creative spaces :: alexandra abraham

Alexandra Abraham sees the beauty in things others have discarded. She collects them, she arranges them, she covers them in gold leaf and then rubs it away, and in doing so reveals the beauty she first spied in the mud or the sand, so that we can see it too.

Close-up section of one of Alexandre's paintings

Close-up section of one of Alexandra's paintings

She very kindly invited me to her studio in a former sweet factory (where Sherbet Dips were once made) in Wood Green to see some of this process and the space in which it all happens.

One man's trash...

One man's trash...

A collector of things since childhood, Alexandra was only inspired to start using them in her artwork when she did a mosaic course. She found traditional mosaic too structured and enjoys the freedom of using things she has collected and found – and is increasingly given by friends, family and fans.

Alexandra's studio

Alexandra's studio

Alexandra’s studio is one of many within ‘The Chocolate Factory‘. Its high ceilings and huge windows, flooding it with natural light, make it the ideal space in which to create.

Studio floor

Studio floor

The markings on the floor show where the sweetie-making machines once stood. Other artists in The Chocolate Factory range from bookbinders to musicians and from graphic designers to sculptors. Alexandra enjoys being part of a creative community, but also relishes her own space and the privacy her studio offers.

Children's shoes on the window sill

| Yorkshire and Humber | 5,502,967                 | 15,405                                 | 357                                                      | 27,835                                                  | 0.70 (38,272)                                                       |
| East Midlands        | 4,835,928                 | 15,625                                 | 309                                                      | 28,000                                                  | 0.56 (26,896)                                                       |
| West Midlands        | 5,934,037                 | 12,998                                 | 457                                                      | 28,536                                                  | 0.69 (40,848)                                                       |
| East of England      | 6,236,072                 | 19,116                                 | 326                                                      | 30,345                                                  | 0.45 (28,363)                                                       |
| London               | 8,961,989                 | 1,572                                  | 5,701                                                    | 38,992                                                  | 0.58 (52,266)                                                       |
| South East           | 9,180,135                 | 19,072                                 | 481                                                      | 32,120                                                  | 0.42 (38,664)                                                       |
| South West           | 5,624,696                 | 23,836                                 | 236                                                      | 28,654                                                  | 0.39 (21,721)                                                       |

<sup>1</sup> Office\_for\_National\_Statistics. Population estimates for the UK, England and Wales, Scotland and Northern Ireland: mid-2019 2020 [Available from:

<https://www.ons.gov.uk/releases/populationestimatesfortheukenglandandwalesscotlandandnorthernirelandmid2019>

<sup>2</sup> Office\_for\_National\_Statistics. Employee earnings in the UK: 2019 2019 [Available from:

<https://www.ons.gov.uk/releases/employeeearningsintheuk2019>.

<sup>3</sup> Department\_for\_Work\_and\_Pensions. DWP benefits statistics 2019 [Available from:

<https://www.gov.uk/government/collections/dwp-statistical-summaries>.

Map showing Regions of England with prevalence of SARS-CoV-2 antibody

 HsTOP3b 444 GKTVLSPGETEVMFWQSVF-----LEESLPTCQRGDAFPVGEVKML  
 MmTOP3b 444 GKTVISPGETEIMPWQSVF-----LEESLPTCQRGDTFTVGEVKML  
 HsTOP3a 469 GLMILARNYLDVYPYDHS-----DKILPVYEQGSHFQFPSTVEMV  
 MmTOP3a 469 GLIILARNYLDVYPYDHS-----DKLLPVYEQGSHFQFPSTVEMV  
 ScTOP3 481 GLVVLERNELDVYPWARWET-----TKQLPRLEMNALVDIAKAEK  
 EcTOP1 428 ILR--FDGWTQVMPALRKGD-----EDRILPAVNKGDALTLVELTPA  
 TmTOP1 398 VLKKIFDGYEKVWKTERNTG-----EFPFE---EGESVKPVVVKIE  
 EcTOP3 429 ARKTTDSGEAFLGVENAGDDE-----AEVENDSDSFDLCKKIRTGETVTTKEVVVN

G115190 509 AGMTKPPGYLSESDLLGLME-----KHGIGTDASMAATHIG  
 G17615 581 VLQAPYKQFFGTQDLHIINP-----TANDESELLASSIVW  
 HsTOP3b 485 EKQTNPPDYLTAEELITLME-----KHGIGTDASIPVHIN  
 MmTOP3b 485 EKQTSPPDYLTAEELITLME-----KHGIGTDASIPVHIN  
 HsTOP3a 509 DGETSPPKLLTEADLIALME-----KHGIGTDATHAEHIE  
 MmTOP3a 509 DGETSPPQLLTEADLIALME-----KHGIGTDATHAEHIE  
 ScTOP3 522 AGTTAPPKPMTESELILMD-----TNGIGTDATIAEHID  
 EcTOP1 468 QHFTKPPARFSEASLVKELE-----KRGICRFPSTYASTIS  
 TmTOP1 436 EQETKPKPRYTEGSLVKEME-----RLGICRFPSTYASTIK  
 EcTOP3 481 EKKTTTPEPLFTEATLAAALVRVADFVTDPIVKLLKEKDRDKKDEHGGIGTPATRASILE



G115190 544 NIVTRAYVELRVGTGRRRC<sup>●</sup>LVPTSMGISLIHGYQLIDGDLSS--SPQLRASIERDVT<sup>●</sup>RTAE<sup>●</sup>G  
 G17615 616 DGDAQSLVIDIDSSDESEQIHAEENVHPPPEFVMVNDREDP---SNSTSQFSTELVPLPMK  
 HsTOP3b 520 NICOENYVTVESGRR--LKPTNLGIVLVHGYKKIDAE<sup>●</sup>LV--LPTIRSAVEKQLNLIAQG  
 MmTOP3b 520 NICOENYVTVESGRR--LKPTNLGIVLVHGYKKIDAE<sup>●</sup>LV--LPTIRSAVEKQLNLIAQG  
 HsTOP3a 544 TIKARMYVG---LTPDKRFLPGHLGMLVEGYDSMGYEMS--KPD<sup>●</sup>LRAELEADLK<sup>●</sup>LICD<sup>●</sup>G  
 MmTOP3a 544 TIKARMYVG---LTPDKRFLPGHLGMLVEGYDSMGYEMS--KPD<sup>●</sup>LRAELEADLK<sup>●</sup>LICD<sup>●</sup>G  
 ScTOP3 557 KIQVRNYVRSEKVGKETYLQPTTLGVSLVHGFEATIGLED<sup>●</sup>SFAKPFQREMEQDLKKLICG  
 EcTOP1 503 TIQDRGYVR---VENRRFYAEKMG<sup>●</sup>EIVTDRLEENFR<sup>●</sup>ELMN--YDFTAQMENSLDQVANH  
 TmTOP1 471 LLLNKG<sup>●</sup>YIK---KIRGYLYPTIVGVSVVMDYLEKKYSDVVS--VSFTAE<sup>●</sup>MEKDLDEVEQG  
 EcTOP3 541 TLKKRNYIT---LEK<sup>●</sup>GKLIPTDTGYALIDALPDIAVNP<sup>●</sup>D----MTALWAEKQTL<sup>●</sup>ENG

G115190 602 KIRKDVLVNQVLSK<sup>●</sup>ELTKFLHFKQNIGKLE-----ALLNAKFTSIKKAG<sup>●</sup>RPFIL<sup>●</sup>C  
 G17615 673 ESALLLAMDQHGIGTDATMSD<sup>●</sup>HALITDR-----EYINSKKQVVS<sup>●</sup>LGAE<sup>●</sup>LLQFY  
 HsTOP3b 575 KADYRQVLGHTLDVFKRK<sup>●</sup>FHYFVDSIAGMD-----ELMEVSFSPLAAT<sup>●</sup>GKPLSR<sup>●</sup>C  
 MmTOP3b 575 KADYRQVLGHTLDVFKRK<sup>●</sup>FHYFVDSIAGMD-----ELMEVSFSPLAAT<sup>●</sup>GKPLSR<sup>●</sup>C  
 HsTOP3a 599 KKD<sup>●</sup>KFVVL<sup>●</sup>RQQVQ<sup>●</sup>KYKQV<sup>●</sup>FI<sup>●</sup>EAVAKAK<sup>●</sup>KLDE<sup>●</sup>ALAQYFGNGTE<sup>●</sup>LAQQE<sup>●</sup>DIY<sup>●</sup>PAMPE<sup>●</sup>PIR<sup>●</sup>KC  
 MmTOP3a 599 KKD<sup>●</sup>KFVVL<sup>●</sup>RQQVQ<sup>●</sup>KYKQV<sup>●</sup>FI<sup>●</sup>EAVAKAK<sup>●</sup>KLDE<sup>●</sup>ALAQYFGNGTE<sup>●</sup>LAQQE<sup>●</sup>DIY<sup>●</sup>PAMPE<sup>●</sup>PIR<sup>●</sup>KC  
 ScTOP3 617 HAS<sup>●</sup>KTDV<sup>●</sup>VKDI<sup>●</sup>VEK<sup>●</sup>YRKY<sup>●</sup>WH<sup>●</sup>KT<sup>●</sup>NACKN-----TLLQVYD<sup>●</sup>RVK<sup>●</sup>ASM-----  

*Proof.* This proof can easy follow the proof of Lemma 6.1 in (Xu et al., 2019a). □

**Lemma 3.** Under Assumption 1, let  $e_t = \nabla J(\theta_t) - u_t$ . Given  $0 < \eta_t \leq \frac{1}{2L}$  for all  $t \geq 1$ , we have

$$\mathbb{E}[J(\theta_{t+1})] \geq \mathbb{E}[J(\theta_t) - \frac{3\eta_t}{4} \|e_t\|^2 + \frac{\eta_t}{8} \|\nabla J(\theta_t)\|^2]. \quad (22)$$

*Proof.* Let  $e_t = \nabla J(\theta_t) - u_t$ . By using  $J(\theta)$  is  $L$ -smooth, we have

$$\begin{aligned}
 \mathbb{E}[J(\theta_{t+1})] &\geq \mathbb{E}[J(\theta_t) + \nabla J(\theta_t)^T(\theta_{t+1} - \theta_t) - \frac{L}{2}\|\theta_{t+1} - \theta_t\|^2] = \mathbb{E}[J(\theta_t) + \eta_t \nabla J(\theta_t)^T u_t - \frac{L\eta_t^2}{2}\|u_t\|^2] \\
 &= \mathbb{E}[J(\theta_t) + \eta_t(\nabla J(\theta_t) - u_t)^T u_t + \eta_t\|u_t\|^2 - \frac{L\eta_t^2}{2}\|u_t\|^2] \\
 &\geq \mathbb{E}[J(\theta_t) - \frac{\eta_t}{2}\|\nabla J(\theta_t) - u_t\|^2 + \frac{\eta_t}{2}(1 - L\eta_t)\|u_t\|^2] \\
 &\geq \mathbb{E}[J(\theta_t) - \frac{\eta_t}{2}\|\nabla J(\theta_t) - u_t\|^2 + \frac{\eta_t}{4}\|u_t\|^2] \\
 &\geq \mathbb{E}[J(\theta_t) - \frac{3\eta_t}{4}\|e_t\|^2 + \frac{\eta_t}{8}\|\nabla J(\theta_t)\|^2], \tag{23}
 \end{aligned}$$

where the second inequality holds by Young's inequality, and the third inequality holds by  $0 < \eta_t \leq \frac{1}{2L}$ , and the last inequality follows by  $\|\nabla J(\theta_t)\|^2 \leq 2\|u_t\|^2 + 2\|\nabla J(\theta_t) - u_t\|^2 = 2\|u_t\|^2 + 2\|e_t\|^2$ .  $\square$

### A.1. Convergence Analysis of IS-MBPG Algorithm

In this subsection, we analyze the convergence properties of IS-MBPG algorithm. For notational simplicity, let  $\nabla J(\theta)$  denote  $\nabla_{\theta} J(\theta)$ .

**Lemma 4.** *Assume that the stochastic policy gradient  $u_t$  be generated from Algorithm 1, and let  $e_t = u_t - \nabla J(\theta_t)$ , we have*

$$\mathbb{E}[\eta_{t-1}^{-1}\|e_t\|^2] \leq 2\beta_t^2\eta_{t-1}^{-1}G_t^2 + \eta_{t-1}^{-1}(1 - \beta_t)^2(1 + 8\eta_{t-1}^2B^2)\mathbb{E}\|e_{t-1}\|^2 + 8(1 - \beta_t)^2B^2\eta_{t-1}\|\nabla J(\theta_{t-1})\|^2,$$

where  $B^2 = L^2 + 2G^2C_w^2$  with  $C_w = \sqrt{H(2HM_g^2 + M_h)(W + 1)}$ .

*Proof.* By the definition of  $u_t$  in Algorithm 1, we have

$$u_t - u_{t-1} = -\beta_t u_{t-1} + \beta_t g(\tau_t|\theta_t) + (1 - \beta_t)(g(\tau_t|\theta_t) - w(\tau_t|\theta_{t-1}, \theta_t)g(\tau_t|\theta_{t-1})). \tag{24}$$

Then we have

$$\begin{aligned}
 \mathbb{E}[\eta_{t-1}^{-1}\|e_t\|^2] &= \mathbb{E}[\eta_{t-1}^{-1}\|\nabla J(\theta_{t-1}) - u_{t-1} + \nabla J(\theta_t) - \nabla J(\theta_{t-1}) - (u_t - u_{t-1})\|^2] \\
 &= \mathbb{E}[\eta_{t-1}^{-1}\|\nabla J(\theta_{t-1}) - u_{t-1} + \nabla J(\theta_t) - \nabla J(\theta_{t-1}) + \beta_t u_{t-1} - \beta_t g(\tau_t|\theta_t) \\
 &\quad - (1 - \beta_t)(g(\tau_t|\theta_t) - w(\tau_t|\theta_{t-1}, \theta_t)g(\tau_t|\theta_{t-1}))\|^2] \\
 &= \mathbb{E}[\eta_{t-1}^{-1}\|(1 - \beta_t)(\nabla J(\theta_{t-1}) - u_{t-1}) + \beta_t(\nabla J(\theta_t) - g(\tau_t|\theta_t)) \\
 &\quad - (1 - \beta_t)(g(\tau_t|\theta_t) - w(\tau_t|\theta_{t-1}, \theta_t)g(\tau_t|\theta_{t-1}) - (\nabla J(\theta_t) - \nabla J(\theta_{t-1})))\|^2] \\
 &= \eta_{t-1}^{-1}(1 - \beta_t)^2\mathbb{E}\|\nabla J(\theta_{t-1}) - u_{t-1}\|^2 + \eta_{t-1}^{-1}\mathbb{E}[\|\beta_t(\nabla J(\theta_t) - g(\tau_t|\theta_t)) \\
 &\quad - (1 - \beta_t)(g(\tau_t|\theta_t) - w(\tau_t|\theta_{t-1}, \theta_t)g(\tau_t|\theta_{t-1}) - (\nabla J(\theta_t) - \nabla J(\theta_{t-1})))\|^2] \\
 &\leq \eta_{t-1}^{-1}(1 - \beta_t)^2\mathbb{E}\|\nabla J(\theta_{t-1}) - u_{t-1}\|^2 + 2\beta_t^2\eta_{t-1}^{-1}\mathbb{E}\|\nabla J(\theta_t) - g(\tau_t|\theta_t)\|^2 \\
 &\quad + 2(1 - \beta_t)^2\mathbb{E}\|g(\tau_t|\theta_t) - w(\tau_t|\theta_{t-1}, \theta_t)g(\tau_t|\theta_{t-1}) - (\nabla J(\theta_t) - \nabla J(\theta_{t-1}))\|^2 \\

Children's shoes on the window sill

A room of one’s own, I think, is terribly important for any creative person, and Alexandra’s is littered with inspirational objects, which make it very much her own space.

An inspirational shelf

An inspirational shelf

Alexandra’s collection includes “Joan’s bling’ left by a neighbour’s mother whose taste in costume jewellery wasn’t passed down to anyone else in the family, a three generational button box, and things she collects from the Thames at low tide.

River Thames finds

River Thames finds

Alexandra uses every item as she finds it, never cutting or shaping, and is careful to return anything she can’t use to where she found it. As she gently turns her finds in her hands, you get a real sense of her deference and respect for their history – and she can tell you the story of every one. In these days of excess consumerism and ever-expanding landfill sites, it’s somehow comforting to see these discarded items given new life and new meaning.

Alexandra's Duralex glasses now tea light holders and vases for Belleville Boutique and Café

Alexandra's Duralex glasses now tea light holders and vases for Belleville Boutique and Café

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Further reading for the especially geeky:
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